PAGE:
We are already physically exhausted by the sheer amount of work. There is only very little space for the emotional burden throughout the day. But when I go home, I often have to cry. And this is happening to many of us. There are days when we can manage okay, and there are days when good things happen. For example, I recently collected my own child from the daycare centre and was presented with a bouquet of flowers and a big thank you, “because there are people helping those sick with Covid-19”. This really touched my soul.

Vaccination started recently in Germany. But I do believe that we will be challenged in February even more than now. I am worried that societal solidarity was much stronger in the first wave compared to now. We are missing that kind of resonance – that power.

Some people are not complying with social distancing and other measures put in place to prevent the spread of the virus.  For example, it is frustrating to see staff and customers in crowded supermarkets without masks. Behaviour such as this is upsetting and difficult to ignore and makes me think about the patients I care for.

Links and resources

Read more posts on the EAPC blog about Covid-19 and palliative care. Next week, Andy Bradshaw, Research Fellow in Palliative Care at the Wolfson Palliative Care Research Centre, Hull York Medical School, University of Hull, UK, shares more findings from the CovPall study on Advance Care Planning during the COVID-19 pandemic.

Do you want to Submit an Abstract for the 17th EAPC World Congress Online ? Or Apply for a 2021 EAPC Researcher Award ? #EAPC 2021 will take place online with interactive live sessions 6 to 8 October 2021. Please join us!

This entry was posted in Coronavirus and palliative care, PATIENT & FAMILY CARE. Bookmark the permalink.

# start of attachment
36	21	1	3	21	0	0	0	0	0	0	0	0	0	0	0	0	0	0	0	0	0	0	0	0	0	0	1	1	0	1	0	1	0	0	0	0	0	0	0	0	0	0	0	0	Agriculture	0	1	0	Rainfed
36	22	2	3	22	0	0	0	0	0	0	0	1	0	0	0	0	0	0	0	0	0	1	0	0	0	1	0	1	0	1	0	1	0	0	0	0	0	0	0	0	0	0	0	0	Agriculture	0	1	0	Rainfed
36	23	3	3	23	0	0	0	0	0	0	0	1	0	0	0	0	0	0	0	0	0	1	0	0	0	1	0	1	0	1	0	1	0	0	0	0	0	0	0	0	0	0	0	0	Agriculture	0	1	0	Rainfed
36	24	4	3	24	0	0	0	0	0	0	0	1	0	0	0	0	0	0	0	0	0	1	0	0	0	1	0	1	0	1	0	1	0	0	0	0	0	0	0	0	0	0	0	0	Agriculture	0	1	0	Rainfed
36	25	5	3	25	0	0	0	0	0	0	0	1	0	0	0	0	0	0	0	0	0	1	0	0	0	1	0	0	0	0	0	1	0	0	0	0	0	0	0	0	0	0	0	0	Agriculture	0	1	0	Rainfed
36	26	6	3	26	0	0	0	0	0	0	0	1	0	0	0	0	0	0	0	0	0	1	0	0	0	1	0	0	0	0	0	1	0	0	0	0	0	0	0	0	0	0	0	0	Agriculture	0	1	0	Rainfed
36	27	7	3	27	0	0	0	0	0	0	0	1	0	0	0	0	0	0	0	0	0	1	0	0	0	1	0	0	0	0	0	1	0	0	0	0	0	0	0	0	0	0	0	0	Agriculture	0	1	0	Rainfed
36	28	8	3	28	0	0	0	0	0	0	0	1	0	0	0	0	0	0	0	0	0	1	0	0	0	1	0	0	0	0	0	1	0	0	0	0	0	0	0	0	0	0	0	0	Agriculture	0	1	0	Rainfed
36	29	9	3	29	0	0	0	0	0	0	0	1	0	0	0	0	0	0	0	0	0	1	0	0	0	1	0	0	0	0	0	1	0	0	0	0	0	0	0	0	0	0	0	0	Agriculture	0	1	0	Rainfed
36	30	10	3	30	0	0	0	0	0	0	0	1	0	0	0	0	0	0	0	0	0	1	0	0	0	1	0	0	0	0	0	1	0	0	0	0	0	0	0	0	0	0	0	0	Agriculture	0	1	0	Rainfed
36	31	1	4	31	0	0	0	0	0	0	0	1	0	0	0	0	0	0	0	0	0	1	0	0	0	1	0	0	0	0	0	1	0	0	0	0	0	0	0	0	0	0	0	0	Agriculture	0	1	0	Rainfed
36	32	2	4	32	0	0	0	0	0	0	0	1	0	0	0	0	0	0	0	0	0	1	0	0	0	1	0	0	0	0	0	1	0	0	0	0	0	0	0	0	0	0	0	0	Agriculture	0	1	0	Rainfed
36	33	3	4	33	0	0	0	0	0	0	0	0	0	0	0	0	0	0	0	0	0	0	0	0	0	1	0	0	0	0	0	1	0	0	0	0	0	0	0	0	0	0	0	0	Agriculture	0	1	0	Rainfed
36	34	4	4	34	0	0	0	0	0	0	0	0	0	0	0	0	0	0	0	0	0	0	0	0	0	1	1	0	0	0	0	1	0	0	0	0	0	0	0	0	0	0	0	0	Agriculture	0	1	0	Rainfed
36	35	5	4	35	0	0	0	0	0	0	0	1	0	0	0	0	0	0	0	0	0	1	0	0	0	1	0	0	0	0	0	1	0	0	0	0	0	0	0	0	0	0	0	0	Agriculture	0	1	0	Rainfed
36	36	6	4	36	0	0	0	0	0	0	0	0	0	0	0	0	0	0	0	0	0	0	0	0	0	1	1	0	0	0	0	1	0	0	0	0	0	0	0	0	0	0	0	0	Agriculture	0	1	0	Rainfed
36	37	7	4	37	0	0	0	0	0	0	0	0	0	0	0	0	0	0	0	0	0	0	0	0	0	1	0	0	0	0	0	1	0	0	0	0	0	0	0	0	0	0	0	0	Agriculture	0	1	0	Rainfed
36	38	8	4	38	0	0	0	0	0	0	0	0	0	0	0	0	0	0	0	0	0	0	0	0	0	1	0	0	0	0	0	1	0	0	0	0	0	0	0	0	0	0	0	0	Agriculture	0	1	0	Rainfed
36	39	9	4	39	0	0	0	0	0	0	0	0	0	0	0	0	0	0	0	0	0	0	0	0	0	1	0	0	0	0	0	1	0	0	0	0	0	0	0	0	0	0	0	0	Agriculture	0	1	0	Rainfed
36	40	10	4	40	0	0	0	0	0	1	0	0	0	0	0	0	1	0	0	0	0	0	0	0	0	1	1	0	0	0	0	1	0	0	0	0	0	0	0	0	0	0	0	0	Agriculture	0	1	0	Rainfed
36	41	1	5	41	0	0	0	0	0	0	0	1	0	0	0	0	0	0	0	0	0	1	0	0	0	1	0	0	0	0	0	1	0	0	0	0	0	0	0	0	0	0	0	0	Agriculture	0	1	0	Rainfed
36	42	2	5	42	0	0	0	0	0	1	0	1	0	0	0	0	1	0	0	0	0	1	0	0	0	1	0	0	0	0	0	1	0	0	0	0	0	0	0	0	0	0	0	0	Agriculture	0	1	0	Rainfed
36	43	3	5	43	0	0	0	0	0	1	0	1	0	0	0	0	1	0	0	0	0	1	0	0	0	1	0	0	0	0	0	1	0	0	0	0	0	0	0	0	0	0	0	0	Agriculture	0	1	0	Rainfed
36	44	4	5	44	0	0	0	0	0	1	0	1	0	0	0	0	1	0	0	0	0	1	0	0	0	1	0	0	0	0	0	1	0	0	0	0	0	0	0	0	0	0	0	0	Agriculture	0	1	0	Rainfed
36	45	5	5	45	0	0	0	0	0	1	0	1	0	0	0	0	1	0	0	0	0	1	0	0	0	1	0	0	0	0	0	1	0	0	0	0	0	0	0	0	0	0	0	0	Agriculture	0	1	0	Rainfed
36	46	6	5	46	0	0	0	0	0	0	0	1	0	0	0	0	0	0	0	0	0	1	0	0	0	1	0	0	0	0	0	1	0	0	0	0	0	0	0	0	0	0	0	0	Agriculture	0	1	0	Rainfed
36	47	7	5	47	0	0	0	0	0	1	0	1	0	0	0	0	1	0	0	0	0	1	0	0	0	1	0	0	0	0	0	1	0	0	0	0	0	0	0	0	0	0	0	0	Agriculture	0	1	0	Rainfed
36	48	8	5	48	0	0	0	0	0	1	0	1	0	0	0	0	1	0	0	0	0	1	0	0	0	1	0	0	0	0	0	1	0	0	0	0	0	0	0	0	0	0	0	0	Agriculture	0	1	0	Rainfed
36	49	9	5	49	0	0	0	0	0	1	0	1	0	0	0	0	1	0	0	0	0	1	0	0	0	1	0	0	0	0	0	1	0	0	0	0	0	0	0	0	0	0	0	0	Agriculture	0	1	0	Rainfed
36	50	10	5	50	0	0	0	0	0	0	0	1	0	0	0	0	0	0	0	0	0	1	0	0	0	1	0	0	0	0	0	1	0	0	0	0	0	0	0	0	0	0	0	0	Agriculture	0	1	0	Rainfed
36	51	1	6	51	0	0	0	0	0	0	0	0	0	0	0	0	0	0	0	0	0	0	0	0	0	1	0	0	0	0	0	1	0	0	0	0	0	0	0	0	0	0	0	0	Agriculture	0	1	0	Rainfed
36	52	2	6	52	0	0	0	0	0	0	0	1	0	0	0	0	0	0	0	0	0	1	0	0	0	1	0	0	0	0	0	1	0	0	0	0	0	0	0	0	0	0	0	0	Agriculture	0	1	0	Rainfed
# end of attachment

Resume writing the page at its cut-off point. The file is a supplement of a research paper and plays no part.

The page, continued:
1 Response to We are there when dying patients say goodbye: The emotional exhaustion of the palliative care team during the pandemic

  1. Dr Louis Heyse-Moore says:

    I would like to respond to this blog in the form of a letter:

    Dear Dr Wiebke Nehls,

    I was very moved to read your blog and touched that you were prepared to be open about your feelings relating to the physically exhausting and emotionally demanding work you are doing. Rather than a scientific response, I would like to speak personally and honour your courage and that of your colleagues in providing palliative care for Covid-19 patients, despite the difficulty and intensity of the work. I want to acknowledge your commitment and to thank you.

    In a sense, it seems to me, you are also speaking for the feelings of all palliative care professionals working in similar circumstances in different countries around the world and indeed of all health care workers looking after Covid-19 patients.

    Were I ever to need palliative care in such circumstances, I would be deeply grateful for the support and expertise of people such as yourself.

    I hope that you can continue to find the inner resources to persevere with the important and worthwhile care you provide.


    Louis Heyse-Moore

    Dr Louis Heyse-Moore
    Retired consultant physician in palliative medicine
    London, UK